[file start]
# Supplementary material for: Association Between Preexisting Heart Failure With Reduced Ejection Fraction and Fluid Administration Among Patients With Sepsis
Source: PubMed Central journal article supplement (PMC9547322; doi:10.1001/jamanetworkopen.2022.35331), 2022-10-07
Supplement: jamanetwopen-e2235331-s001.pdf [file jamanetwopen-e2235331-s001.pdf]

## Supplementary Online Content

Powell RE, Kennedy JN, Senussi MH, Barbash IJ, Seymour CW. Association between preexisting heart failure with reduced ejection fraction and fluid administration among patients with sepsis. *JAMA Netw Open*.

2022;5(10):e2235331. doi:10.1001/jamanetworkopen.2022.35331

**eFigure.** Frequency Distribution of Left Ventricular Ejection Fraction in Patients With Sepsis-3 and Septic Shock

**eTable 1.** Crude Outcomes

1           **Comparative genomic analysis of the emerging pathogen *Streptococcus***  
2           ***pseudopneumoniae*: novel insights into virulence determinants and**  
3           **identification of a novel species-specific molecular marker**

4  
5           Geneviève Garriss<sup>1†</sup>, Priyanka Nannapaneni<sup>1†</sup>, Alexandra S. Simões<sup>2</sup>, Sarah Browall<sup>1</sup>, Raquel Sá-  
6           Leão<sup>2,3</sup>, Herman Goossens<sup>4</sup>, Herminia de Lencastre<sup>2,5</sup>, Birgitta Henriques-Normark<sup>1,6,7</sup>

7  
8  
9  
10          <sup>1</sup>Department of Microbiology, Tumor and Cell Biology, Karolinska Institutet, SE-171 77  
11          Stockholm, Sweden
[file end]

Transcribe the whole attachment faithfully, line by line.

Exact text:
# Supplementary material for: Association Between Preexisting Heart Failure With Reduced Ejection Fraction and Fluid Administration Among Patients With Sepsis
Source: PubMed Central journal article supplement (PMC9547322; doi:10.1001/jamanetworkopen.2022.35331), 2022-10-07
Supplement: jamanetwopen-e2235331-s001.pdf [file jamanetwopen-e2235331-s001.pdf]

## Supplementary Online Content

Powell RE, Kennedy JN, Senussi MH, Barbash IJ, Seymour CW. Association between preexisting heart failure with reduced ejection fraction and fluid administration among patients with sepsis. *JAMA Netw Open*.

2022;5(10):e2235331. doi:10.1001/jamanetworkopen.2022.35331

**eFigure.** Frequency Distribution of Left Ventricular Ejection Fraction in Patients With Sepsis-3 and Septic Shock

**eTable 1.** Crude Outcomes

1           **Comparative genomic analysis of the emerging pathogen *Streptococcus***  
2           ***pseudopneumoniae*: novel insights into virulence determinants and**  
3           **identification of a novel species-specific molecular marker**

4  
5           Geneviève Garriss<sup>1†</sup>, Priyanka Nannapaneni<sup>1†</sup>, Alexandra S. Simões<sup>2</sup>, Sarah Browall<sup>1</sup>, Raquel Sá-  
6           Leão<sup>2,3</sup>, Herman Goossens<sup>4</sup>, Herminia de Lencastre<sup>2,5</sup>, Birgitta Henriques-Normark<sup>1,6,7</sup>

7  
8  
9  
10          <sup>1</sup>Department of Microbiology, Tumor and Cell Biology, Karolinska Institutet, SE-171 77  
11          Stockholm, Sweden